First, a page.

In the whole presentation, there was no acknowledgment of the true state of affairs regarding chemical and biological weapons, as concluded by the UNSCOM inspectors in 1998 and confirmed by UNMOVIC more recently. That is simply this:

There are records of how much in the way of chemical agents, biological growth medium, and other components Iraq imported from Western firms (particularly American and German ones). There is evidence of how much inspectors destroyed. There are Iraqi claims about how much was used in the war with Iran and how much was unilaterally destroyed by them. Iraq is unable to produce sufficient evidence for the inspectors to match up those different numbers. So there is some discrepancy in terms of chemical munitions–for example, Iraq claims 550 mustard-filled shells were lost after the Gulf War, but it can’t prove this. There is discrepancy in terms of biological growth medium and if you take this discrepancy and make the entirely unrealistic stipulation that Iraq’s fermenters were constantly and continually used for all these past years, you can get high numbers for the amounts of biological agents like anthrax that Iraq theoretically might have.

These discrepancies are enough that inspectors could not close the book on chemical or biological weapons (although they essentially did on nuclear weapons). They presumably owe at least in part to the fact that Iraq, after undergoing eight years of war with Iran, the most devastating air bombardment in history in the Gulf War, and twelve years of crippling sanctions, doesn’t have all of its records nicely intact.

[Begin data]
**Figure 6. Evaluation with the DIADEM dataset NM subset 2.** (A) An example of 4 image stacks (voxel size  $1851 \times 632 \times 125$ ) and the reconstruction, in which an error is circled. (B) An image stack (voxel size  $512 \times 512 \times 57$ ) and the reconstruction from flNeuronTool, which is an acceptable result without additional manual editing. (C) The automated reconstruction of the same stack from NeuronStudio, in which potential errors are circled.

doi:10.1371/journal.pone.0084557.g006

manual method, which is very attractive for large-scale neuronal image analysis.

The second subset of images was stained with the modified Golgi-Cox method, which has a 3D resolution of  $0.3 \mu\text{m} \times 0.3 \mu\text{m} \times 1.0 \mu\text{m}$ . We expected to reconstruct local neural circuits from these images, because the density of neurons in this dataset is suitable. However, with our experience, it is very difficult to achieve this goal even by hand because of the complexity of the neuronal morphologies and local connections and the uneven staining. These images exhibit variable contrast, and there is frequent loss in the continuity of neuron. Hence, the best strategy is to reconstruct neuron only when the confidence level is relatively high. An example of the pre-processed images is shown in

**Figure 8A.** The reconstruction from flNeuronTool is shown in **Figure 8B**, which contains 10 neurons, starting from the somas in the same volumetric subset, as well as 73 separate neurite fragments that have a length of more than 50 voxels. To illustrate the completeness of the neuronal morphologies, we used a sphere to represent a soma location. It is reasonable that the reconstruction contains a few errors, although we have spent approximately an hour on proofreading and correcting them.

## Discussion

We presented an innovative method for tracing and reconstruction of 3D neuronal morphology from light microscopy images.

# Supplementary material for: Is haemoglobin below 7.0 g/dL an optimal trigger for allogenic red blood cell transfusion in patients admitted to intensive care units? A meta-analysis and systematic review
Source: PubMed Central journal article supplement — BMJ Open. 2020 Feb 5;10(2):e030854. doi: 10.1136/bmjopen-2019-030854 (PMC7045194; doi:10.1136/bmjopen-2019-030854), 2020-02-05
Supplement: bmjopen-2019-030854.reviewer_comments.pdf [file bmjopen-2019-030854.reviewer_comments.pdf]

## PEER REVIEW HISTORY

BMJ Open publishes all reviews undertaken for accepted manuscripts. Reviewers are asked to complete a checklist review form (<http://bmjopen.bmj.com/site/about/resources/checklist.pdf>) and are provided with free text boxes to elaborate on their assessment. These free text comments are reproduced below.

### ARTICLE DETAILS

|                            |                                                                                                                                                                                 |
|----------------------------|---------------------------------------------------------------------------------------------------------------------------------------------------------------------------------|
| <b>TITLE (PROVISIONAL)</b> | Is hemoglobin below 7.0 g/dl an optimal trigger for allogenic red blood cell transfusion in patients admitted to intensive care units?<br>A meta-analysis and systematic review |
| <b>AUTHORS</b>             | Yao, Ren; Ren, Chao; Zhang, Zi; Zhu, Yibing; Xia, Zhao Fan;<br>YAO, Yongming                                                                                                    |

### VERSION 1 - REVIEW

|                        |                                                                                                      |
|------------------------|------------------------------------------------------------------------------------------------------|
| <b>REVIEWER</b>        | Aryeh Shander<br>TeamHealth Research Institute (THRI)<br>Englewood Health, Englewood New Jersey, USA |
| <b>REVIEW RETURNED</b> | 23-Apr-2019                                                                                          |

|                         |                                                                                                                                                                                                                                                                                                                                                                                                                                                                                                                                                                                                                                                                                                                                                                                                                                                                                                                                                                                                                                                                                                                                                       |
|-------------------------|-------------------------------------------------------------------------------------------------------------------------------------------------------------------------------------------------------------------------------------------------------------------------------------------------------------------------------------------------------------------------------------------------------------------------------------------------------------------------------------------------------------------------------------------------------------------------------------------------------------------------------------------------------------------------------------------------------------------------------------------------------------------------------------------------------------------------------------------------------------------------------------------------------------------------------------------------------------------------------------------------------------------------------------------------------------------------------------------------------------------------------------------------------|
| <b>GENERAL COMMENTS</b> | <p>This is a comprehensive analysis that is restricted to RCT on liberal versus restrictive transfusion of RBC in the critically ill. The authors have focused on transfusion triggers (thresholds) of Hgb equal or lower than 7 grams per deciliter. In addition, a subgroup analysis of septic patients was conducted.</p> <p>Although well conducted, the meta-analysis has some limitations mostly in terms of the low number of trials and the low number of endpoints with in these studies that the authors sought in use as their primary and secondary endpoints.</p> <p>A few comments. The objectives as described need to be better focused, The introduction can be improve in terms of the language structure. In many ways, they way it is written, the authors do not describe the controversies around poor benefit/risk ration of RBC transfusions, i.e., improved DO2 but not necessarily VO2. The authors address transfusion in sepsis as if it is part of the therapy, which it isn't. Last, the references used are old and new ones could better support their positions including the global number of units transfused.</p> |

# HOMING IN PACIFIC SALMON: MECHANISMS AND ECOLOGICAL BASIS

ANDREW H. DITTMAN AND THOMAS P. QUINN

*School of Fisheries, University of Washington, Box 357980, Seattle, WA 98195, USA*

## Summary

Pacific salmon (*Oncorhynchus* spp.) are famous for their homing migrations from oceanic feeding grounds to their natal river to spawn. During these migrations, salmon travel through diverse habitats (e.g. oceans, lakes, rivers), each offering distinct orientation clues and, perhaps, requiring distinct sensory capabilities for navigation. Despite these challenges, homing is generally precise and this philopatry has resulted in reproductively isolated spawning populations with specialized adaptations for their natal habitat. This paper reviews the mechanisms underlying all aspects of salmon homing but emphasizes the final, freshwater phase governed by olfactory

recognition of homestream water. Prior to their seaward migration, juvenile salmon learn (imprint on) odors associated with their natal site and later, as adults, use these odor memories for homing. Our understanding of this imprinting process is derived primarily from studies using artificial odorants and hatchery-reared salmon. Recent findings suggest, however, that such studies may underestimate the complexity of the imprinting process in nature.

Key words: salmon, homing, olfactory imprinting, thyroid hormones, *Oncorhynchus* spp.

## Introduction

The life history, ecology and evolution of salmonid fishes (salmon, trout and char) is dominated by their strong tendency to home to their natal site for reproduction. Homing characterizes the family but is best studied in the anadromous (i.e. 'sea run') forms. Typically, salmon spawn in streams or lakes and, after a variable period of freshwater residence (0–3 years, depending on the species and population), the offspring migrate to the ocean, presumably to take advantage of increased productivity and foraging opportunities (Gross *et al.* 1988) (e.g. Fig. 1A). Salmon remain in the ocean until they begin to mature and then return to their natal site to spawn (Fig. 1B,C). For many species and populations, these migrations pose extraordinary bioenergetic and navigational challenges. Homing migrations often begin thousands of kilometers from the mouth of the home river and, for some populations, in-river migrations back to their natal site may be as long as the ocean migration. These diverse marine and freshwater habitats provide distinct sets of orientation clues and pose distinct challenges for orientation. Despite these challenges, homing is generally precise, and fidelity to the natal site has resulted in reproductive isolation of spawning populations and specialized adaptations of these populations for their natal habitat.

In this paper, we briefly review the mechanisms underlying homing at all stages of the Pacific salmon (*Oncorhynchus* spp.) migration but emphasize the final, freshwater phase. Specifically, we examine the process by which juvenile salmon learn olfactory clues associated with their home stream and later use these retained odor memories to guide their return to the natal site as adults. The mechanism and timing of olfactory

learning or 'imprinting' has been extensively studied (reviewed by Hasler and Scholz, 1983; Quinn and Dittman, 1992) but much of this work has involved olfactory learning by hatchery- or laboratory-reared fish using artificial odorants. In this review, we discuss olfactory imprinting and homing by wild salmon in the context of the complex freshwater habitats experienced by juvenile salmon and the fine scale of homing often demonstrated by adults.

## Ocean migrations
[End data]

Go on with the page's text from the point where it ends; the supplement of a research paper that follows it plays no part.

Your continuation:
Is there an Iraqi threat?

It is undoubtedly true that in the past Iraq went to considerable lengths to avoid cooperating with inspections. It’s possible that that is happening again–some of Powell’s evidence might be real.

But missing from the entire presentation was any serious talk about a threat posed by Iraq, either to the United States or even to any country in the region. Mere possession of WMD, even if established, is not exactly evidence of aggressive intent. And in fact Iraq has been the recipient of aggression frequently since the Gulf War (bombings by the U.S. and U.K., periodic invasions in the north by Turkey, virtual Kuwaiti annexation of Iraqi land in the south), but has not itself seriously threatened any.

The evidence about Iraq’s intent to attack seems to run something like this–Saddam “gassed his own people” in 1988, therefore there is an imminent threat that he will attack us in 2003. The imminent threat is not, however, so severe as to keep us from having a full year of warmongering and bellicose rhetoric before we actually attack.

This conveniently ignores the central fact about Hussein’s record of aggression. Without exception, his worse crimes were committed with full U.S. support, both material and diplomatic. The war on Iran, the massacre of Kurds in the Anfal campaign of the late 1980’s, even the bloody suppression in 1991 of the “Iraqi intifada” all involved explicit measures of support from the United States–providing military intelligence, approving export of chemical and biological agents, providing “agricultural” credits, disarming rebels, and much more. The invasion of Kuwait was done in the deliberately fostered belief that the United States would not mind. Without U.S. support, Hussein knows well that he can only be a threat to his internal political enemies.